June is Indigenous Peoples’ Month, a time to honour the heritage and culture of First Peoples in Canada. June 21 also marks the annual National Indigenous Peoples Day. Here in Alberta , there are events happening around the province to celebrate the unique histories, cultures and contributions from First Nations, Métis and Inuit heritages.
Indigenous people have for thousands of years relied on the tradition of oral storytelling to pass down their history to future generations.
A few years ago, the Siksika Consultation Office received an Alberta Historical Resources Foundation grant and produced these two beautifully-shot vignettes featuring two significant stories from Blackfoot culture.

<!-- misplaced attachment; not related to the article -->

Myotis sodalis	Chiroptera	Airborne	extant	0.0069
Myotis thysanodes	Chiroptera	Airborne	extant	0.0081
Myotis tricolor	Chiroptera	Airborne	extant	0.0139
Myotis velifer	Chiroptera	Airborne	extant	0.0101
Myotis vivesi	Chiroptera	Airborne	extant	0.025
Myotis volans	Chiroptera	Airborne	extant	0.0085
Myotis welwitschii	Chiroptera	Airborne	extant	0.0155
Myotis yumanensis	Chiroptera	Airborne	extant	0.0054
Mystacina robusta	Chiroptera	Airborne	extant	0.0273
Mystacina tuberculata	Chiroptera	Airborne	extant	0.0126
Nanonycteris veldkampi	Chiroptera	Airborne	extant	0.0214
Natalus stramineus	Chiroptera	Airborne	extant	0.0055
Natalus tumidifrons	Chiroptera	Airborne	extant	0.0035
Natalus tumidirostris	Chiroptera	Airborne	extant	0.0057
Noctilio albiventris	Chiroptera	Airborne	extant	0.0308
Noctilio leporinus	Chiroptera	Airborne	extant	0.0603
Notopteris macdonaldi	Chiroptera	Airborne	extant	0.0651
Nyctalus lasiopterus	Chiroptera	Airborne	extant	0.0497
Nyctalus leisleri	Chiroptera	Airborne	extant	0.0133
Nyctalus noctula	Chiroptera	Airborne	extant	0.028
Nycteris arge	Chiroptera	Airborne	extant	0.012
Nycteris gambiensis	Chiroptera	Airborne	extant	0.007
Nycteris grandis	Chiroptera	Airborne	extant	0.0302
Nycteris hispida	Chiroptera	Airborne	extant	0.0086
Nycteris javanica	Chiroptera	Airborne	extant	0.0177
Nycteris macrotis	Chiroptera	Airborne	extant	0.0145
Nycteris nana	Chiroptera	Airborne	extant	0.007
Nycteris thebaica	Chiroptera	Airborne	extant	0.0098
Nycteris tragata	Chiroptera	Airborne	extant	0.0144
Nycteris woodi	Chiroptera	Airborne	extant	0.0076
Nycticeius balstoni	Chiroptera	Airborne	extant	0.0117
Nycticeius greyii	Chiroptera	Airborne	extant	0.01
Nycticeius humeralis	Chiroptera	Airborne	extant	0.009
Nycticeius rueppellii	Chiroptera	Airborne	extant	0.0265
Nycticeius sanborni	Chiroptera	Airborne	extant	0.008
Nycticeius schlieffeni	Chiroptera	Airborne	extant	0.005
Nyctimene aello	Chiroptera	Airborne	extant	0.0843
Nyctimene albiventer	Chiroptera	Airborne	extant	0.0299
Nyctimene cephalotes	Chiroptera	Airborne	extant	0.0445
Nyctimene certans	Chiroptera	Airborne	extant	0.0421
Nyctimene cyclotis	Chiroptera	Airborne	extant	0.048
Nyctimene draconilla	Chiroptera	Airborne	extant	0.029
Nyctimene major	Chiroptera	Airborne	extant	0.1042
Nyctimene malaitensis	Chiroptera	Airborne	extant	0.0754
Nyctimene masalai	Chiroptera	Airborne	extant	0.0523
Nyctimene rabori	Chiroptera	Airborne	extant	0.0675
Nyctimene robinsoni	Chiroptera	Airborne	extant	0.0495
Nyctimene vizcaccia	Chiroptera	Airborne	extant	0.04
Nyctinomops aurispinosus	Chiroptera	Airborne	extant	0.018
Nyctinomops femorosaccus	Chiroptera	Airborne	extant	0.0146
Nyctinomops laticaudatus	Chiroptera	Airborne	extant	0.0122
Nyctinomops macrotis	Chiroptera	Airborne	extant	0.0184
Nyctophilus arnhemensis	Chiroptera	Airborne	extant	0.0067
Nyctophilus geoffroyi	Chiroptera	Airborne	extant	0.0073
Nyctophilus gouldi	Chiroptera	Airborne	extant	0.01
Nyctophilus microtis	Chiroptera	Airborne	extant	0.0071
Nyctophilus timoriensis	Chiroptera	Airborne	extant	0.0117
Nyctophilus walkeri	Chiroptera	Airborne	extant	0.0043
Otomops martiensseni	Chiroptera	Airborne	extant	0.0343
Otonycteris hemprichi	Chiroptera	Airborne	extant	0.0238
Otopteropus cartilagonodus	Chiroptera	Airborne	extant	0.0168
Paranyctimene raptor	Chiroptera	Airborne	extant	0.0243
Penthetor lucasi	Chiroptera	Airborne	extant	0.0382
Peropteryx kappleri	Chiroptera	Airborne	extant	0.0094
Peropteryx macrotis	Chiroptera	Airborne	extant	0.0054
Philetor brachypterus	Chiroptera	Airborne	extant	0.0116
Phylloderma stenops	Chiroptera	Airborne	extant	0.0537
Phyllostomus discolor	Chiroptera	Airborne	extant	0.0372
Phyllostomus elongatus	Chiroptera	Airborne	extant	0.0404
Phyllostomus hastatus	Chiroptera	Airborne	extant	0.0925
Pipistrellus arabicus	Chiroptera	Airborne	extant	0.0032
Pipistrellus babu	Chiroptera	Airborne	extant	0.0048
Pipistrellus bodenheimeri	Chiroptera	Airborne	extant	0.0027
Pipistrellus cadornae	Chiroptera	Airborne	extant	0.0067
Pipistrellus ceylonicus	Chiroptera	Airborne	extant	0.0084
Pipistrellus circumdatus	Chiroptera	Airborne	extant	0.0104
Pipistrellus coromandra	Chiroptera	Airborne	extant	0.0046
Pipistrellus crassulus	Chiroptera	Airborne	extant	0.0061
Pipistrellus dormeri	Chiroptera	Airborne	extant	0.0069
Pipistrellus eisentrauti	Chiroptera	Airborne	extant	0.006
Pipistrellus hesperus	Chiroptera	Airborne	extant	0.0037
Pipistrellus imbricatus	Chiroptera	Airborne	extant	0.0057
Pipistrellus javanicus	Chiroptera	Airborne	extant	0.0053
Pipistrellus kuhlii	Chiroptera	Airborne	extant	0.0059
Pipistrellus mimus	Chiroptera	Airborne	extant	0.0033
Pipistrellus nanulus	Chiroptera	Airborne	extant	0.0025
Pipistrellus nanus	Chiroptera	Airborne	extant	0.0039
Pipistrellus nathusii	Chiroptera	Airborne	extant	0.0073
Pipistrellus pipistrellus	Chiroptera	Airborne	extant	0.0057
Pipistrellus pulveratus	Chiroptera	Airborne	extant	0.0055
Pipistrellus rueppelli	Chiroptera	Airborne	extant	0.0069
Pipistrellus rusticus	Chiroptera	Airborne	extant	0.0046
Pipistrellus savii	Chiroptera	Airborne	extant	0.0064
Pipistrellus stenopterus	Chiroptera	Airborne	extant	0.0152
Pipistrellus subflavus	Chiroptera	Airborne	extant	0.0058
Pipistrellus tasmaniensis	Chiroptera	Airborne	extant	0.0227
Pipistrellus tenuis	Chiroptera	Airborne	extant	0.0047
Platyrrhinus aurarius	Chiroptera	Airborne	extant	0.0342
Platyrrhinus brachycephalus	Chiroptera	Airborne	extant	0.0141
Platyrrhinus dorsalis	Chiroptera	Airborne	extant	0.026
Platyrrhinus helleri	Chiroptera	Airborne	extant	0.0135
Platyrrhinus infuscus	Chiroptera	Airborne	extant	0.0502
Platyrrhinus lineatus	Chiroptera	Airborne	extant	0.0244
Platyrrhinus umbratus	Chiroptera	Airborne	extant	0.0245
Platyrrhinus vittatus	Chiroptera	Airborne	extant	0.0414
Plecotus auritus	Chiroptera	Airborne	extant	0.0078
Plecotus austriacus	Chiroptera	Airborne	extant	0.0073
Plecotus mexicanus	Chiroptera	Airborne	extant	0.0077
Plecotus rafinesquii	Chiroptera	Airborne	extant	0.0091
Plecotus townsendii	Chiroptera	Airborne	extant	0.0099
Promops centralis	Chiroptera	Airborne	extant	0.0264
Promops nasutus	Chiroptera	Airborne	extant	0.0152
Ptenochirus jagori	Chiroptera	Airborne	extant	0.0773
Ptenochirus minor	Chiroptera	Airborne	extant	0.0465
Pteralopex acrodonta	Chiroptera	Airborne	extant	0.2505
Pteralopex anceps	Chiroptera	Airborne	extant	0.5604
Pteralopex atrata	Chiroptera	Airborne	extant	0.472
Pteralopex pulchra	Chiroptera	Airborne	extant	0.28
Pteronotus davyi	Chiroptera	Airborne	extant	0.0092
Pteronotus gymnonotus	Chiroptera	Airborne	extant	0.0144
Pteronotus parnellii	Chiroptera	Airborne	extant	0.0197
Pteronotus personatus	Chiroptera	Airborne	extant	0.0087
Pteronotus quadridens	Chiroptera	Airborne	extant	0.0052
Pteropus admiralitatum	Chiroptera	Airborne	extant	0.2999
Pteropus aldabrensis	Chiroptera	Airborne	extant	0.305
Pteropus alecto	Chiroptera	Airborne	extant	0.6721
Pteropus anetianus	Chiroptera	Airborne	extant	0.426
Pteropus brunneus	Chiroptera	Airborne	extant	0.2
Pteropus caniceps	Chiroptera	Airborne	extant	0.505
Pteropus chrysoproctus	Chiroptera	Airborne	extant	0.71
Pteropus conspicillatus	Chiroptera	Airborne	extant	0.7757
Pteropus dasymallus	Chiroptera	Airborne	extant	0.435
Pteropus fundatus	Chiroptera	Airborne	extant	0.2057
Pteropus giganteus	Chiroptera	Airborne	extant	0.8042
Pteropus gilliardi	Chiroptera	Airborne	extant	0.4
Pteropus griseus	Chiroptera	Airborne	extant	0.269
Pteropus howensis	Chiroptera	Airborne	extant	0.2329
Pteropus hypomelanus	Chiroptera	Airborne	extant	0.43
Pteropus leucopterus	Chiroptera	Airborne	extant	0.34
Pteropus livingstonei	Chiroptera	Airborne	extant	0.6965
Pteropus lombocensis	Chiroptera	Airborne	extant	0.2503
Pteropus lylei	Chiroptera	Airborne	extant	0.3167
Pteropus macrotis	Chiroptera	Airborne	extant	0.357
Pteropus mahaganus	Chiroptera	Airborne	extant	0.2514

The first tells the story of Crowsnest Mountain and the birth of seasons. The second tells the story of the first marriages, based around Women’s Buffalo Jump south of present-day Cayley, Alberta.
Thanks to the Siksika Consultation Office for letting us share these important stories.
Editor’s note: The following blog post is part two of a two-part series looking at the history and influence of Doukhobors in Alberta. Read part 1 here.
Written by: Matthew Wangler, Historic Resources Management Branch